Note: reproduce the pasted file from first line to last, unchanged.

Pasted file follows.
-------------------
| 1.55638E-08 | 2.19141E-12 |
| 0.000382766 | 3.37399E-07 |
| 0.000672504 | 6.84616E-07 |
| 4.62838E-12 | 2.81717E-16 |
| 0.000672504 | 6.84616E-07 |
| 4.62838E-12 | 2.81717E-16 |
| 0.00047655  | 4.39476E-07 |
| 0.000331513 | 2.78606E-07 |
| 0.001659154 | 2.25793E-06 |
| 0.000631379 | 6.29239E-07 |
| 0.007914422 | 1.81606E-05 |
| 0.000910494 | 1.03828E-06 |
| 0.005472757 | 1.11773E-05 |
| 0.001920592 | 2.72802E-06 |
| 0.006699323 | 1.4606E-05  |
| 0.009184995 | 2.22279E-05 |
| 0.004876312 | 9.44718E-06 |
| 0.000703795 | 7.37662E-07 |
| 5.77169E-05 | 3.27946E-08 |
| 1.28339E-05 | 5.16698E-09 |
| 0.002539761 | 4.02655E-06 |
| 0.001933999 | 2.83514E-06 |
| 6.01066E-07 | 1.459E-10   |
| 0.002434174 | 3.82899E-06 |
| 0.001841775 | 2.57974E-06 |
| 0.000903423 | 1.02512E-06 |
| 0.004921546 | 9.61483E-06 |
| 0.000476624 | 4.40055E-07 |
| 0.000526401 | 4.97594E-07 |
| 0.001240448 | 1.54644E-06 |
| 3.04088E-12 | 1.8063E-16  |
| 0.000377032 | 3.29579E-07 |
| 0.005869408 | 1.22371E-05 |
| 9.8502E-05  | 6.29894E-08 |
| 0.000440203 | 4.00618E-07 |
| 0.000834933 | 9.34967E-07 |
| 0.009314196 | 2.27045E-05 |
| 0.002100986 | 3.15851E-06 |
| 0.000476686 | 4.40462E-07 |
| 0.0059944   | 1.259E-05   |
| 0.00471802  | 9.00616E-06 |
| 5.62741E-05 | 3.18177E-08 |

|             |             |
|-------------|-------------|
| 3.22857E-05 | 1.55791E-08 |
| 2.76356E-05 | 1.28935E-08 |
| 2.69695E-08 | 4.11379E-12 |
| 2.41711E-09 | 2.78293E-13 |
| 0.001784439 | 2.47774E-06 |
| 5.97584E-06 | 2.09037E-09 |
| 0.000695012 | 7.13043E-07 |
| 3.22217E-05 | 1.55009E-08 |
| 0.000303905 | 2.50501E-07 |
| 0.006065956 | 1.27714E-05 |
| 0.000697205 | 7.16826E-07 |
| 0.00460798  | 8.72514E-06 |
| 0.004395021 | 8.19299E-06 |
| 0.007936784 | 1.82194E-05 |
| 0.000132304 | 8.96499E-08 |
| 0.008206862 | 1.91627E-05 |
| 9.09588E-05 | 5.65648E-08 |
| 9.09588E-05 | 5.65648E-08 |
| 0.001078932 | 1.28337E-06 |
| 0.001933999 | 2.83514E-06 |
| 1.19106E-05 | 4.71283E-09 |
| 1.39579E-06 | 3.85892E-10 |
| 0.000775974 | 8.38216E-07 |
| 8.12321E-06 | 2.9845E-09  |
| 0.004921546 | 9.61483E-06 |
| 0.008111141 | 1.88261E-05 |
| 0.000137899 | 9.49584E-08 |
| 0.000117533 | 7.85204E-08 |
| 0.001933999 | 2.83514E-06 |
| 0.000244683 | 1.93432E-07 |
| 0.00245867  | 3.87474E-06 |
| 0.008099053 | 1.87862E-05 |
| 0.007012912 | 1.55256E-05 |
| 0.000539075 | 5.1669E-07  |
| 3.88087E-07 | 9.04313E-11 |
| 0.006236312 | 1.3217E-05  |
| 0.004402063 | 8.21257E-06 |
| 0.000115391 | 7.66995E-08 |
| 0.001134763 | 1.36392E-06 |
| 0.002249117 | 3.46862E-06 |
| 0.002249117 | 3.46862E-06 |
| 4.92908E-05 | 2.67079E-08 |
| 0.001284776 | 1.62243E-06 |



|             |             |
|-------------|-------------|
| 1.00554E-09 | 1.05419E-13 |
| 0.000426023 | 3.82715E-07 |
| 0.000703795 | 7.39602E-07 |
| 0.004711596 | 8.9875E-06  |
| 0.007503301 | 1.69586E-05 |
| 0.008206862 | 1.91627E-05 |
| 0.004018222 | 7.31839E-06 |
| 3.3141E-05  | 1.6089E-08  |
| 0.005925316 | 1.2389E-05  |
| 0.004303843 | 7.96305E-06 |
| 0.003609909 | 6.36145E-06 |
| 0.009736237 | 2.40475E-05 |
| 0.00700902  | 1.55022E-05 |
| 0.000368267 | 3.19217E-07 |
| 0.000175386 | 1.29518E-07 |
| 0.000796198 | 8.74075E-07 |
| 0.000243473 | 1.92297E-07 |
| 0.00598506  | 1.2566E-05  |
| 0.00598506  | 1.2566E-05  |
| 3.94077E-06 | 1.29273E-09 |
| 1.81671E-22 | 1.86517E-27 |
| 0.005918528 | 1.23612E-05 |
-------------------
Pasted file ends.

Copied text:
| 1.55638E-08 | 2.19141E-12 |
| 0.000382766 | 3.37399E-07 |
| 0.000672504 | 6.84616E-07 |
| 4.62838E-12 | 2.81717E-16 |
| 0.000672504 | 6.84616E-07 |
| 4.62838E-12 | 2.81717E-16 |
| 0.00047655  | 4.39476E-07 |
| 0.000331513 | 2.78606E-07 |
| 0.001659154 | 2.25793E-06 |
| 0.000631379 | 6.29239E-07 |
| 0.007914422 | 1.81606E-05 |
| 0.000910494 | 1.03828E-06 |
| 0.005472757 | 1.11773E-05 |
| 0.001920592 | 2.72802E-06 |
| 0.006699323 | 1.4606E-05  |
| 0.009184995 | 2.22279E-05 |
| 0.004876312 | 9.44718E-06 |
| 0.000703795 | 7.37662E-07 |
| 5.77169E-05 | 3.27946E-08 |
| 1.28339E-05 | 5.16698E-09 |
| 0.002539761 | 4.02655E-06 |
| 0.001933999 | 2.83514E-06 |
| 6.01066E-07 | 1.459E-10   |
| 0.002434174 | 3.82899E-06 |
| 0.001841775 | 2.57974E-06 |
| 0.000903423 | 1.02512E-06 |
| 0.004921546 | 9.61483E-06 |
| 0.000476624 | 4.40055E-07 |
| 0.000526401 | 4.97594E-07 |
| 0.001240448 | 1.54644E-06 |
| 3.04088E-12 | 1.8063E-16  |
| 0.000377032 | 3.29579E-07 |
| 0.005869408 | 1.22371E-05 |
| 9.8502E-05  | 6.29894E-08 |
| 0.000440203 | 4.00618E-07 |
| 0.000834933 | 9.34967E-07 |
| 0.009314196 | 2.27045E-05 |
| 0.002100986 | 3.15851E-06 |
| 0.000476686 | 4.40462E-07 |
| 0.0059944   | 1.259E-05   |
| 0.00471802  | 9.00616E-06 |
| 5.62741E-05 | 3.18177E-08 |

|             |             |
|-------------|-------------|
| 3.22857E-05 | 1.55791E-08 |
| 2.76356E-05 | 1.28935E-08 |
| 2.69695E-08 | 4.11379E-12 |
| 2.41711E-09 | 2.78293E-13 |
| 0.001784439 | 2.47774E-06 |
| 5.97584E-06 | 2.09037E-09 |
| 0.000695012 | 7.13043E-07 |
| 3.22217E-05 | 1.55009E-08 |
| 0.000303905 | 2.50501E-07 |
| 0.006065956 | 1.27714E-05 |
| 0.000697205 | 7.16826E-07 |
| 0.00460798  | 8.72514E-06 |
| 0.004395021 | 8.19299E-06 |
| 0.007936784 | 1.82194E-05 |
| 0.000132304 | 8.96499E-08 |
| 0.008206862 | 1.91627E-05 |
| 9.09588E-05 | 5.65648E-08 |
| 9.09588E-05 | 5.65648E-08 |
| 0.001078932 | 1.28337E-06 |
| 0.001933999 | 2.83514E-06 |
| 1.19106E-05 | 4.71283E-09 |
| 1.39579E-06 | 3.85892E-10 |
| 0.000775974 | 8.38216E-07 |
| 8.12321E-06 | 2.9845E-09  |
| 0.004921546 | 9.61483E-06 |
| 0.008111141 | 1.88261E-05 |
| 0.000137899 | 9.49584E-08 |
| 0.000117533 | 7.85204E-08 |
| 0.001933999 | 2.83514E-06 |
| 0.000244683 | 1.93432E-07 |
| 0.00245867  | 3.87474E-06 |
| 0.008099053 | 1.87862E-05 |
| 0.007012912 | 1.55256E-05 |
| 0.000539075 | 5.1669E-07  |
| 3.88087E-07 | 9.04313E-11 |
| 0.006236312 | 1.3217E-05  |
| 0.004402063 | 8.21257E-06 |
| 0.000115391 | 7.66995E-08 |
| 0.001134763 | 1.36392E-06 |
| 0.002249117 | 3.46862E-06 |
| 0.002249117 | 3.46862E-06 |
| 4.92908E-05 | 2.67079E-08 |
| 0.001284776 | 1.62243E-06 |



|             |             |
|-------------|-------------|
| 1.00554E-09 | 1.05419E-13 |
| 0.000426023 | 3.82715E-07 |
| 0.000703795 | 7.39602E-07 |
| 0.004711596 | 8.9875E-06  |
| 0.007503301 | 1.69586E-05 |
| 0.008206862 | 1.91627E-05 |
| 0.004018222 | 7.31839E-06 |
| 3.3141E-05  | 1.6089E-08  |
| 0.005925316 | 1.2389E-05  |
| 0.004303843 | 7.96305E-06 |
| 0.003609909 | 6.36145E-06 |
| 0.009736237 | 2.40475E-05 |
| 0.00700902  | 1.55022E-05 |
| 0.000368267 | 3.19217E-07 |
| 0.000175386 | 1.29518E-07 |
| 0.000796198 | 8.74075E-07 |
| 0.000243473 | 1.92297E-07 |
| 0.00598506  | 1.2566E-05  |
| 0.00598506  | 1.2566E-05  |
| 3.94077E-06 | 1.29273E-09 |
| 1.81671E-22 | 1.86517E-27 |
| 0.005918528 | 1.23612E-05 |